Head Conditions-Tension Headaches
Symptoms of a Rotator Cuff Injury
Sudden, sharp pain accompanied by a sensation of tearing, pain radiating down the arm and inability to move the shoulder without feeling pain are possible signs of a sprained or torn rotator cuff muscle. Pain worsens as inflammation spreads, with increasing weakness of the shoulder interfering with your ability to use the shoulder normally. Raising an arm and shoulder affected by a rotator cuff injury is often difficult and, in some cases, may be impossible.
What Causes Rotator Cuff Injuries?
Most rotator cuff injuries result from quick twisting or overextension of the shoulder joint. The two muscles commonly affected by strains and tears are those involved in shoulder rotations--the infraspinatus and the supraspinatus. People who bowl, swim, kayak or pitch on a baseball team are more at risk of suffering rotator cuff injuries than people who don't rotate their shoulders powerfully and frequently. Acute (sudden) rotator cuff injury to non-athletes usually happens from falling heavily onto the upper arm or shoulder or improperly lifting heavy items.
Treating Rotator Cuff Injuries at Advanced Pain Relief Clinic
If you have a torn or injured rotator cuff the first most important issue to address is to repair the injured tissue. This does not include exercising the torn or affected area. This outdated approach has delayed recovery and led to chronicity. Using LILT (low intensity laser therapy) can boost the bodies ability to heal faster and better by increasing energy and protein production while decreasing inflammation and pain.
Diagnosing Rotator Cuff Injuries
A proper diagnosis is at the heart of proper treatment. Assessing the range of motion and strength of affected area will asssit us in coming a proper working diagnosis and in many cases allow us to begin caring for the affected area. In many cases x-rays, Ultrasounds and MRIs are ordered to confirm the diagnosis or direct appropriate care.
If you are suffering acute or chronic shoulder pain, inability to lift your arm and restricted range of motion, call Advanced Pain Relief Clinic today to schedule an appointment with Dr. Moona and his team.
Rotator Cuff Tendinitis
What is rotator cuff tendinitis?
Rotator cuff tendinitis, or tendonitis, affects the tendons and muscles that help move your shoulder joint. If you have tendinitis, it means that your tendons are inflamed or irritated. Rotator cuff tendinitis is also called impingement syndrome.
This condition usually occurs over time. It can be the result of keeping your shoulder in one position for a while, sleeping on your shoulder every night, or participating in activities that require lifting your arm over your head.
Athletes playing sports that require lifting their arm over their head commonly develop rotator cuff tendinitis. This is why the condition may also be referred to as:
• swimmer’s shoulder
• pitcher’s shoulder
• tennis shoulder
Sometimes rotator cuff tendinitis can occur because of a pinched nerve in the neck. Some people with rotator cuff tendinitis end up with chronic pain. Using advancements in biotechnology such as low intensity laser therapy and shockwave therapy the patients at Advanced Pain Relief Clinic are often able to regain full function of the shoulder within 6-8 weeks, even in chronic cases.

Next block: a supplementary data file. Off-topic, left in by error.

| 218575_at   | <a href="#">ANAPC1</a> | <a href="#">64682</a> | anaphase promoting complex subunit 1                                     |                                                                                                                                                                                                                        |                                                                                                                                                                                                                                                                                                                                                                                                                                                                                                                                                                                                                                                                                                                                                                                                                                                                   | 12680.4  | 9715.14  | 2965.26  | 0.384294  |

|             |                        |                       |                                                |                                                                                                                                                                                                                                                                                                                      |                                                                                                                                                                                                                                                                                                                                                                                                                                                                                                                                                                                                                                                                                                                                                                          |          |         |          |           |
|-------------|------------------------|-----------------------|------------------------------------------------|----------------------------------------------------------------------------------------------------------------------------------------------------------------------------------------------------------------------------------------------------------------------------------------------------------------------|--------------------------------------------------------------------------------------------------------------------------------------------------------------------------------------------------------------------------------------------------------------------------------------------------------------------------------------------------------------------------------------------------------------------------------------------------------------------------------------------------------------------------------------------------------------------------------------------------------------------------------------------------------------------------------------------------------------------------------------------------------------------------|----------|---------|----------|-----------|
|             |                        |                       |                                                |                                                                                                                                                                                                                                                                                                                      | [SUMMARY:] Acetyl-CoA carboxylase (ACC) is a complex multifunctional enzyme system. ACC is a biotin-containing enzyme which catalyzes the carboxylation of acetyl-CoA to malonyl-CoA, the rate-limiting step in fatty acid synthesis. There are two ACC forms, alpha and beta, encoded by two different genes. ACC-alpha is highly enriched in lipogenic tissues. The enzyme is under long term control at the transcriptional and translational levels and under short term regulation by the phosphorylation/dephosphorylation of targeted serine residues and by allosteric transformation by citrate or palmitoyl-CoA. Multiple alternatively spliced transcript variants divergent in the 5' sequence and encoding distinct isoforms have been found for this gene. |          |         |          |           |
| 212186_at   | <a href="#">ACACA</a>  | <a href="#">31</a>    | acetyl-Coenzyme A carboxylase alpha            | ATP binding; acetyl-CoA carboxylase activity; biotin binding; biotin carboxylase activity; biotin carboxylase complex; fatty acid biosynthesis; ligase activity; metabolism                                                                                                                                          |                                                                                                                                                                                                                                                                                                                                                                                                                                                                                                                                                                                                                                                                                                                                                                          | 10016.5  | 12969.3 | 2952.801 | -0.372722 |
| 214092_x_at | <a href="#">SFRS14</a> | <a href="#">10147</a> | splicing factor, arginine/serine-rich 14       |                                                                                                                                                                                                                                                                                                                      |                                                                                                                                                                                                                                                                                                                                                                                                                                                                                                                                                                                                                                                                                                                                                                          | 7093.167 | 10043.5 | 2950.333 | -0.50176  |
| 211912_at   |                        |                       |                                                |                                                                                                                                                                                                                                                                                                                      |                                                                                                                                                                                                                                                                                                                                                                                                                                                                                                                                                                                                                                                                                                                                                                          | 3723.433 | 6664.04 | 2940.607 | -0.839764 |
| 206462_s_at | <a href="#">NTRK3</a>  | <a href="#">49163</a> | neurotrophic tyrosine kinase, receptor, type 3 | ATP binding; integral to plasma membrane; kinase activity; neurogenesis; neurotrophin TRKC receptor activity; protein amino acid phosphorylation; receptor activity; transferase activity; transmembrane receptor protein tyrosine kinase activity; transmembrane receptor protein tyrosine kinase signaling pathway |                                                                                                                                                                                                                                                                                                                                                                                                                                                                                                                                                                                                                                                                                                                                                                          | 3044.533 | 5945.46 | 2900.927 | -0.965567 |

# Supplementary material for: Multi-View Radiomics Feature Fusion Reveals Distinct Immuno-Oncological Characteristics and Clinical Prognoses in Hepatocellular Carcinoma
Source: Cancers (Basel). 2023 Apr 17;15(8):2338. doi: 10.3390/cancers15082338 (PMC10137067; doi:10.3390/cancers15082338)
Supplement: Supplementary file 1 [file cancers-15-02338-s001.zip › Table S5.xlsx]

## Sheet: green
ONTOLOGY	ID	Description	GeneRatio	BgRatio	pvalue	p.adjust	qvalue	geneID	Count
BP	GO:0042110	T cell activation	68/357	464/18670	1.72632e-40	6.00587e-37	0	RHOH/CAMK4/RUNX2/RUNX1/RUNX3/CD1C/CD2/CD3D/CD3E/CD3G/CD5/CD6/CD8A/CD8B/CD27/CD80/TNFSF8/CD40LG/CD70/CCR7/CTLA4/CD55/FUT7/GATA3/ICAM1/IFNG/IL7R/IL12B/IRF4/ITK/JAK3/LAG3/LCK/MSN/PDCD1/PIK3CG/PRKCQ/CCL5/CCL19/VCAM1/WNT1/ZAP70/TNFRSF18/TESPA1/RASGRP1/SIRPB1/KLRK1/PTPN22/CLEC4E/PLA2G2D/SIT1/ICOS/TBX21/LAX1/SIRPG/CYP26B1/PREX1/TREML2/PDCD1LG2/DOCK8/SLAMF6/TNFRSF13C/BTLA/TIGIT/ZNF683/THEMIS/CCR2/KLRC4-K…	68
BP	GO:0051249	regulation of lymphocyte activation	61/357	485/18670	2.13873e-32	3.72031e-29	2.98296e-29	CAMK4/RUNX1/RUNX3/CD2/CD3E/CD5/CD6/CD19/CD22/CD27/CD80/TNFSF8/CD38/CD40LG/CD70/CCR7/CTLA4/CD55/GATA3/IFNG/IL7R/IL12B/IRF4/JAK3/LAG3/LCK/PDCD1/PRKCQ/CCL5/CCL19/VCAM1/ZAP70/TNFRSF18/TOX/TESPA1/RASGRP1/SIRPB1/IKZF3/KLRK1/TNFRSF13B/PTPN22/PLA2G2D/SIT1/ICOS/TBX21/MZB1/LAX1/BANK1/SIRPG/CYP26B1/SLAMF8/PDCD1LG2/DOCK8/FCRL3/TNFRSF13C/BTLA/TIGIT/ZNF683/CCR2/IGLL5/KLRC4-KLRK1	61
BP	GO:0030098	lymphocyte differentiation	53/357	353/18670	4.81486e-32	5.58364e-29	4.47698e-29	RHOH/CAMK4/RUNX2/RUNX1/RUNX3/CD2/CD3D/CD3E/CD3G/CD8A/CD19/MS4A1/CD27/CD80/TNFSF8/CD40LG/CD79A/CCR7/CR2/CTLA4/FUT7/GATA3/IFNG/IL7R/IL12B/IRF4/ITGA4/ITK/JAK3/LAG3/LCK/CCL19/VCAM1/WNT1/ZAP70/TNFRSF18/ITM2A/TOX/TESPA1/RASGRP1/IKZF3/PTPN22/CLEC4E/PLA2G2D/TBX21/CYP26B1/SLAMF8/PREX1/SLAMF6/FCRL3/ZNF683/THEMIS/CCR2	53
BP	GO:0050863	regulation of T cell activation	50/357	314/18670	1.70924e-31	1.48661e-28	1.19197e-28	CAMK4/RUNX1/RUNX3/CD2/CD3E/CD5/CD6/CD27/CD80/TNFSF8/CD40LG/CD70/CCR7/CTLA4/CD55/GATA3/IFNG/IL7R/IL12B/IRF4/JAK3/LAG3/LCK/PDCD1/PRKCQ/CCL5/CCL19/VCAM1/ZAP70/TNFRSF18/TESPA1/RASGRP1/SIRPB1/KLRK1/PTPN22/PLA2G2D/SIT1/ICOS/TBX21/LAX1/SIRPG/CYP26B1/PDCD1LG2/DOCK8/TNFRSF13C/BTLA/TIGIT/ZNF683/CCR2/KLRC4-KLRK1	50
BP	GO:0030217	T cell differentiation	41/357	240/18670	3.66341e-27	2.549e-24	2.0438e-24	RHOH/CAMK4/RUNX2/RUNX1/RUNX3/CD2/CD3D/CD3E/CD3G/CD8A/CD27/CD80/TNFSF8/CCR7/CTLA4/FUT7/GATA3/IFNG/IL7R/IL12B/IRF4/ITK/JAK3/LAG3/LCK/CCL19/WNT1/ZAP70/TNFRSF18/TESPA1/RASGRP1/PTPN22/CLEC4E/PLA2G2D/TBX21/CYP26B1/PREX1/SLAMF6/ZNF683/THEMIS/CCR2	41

What are the symptoms of rotator cuff tendinitis?
The symptoms of rotator cuff tendinitis tend to get worse over time. Initial symptoms may be relieved with rest, but the symptoms can later become constant. Symptoms that go past the elbow usually indicate another problem.
Symptoms of rotator cuff tendinitis include:
• pain and swelling in the front of your shoulder and side of your arm
• pain triggered by raising or lowering your arm
• a clicking sound when raising your arm
• pain that causes you to wake from sleep
• pain when reaching behind your back
• a loss of mobility and strength in the affected arm
What is calcific tendonitis?
Calcific tendonitis (or tendinitis) occurs when calcium deposits build up in your rotator cuff muscles or tendons.
The rotator cuff is a group of muscles and tendons that connects your upper arm to your shoulder. Calcium buildup in this area can restrict the range of motion in your arm, as well as cause pain and discomfort.
Calcific tendonitis is one of the most common causes of shoulder pain. You’re more likely to be affected if you perform a lot of overhead motions, such as heavy lifting, or play sports like basketball or tennis or if you participate in a repetitive activities such as a painter or factory worker.
Even though calcific rotator cuff tendinits has been considered difficult to treat we at Advanced Pain Relief Clinic find that with the application of the correct biotechnologies we can see dramatic results within a few weeks in the most chronic cases.
If your shoulder pain hasn’t been decribed above, don’t fret. We have a team of dedicated health care professionals that can help you reach a diagnosis and offer effective solutions to improve your function and reduce your pain.
See rotator cuff tendinitis.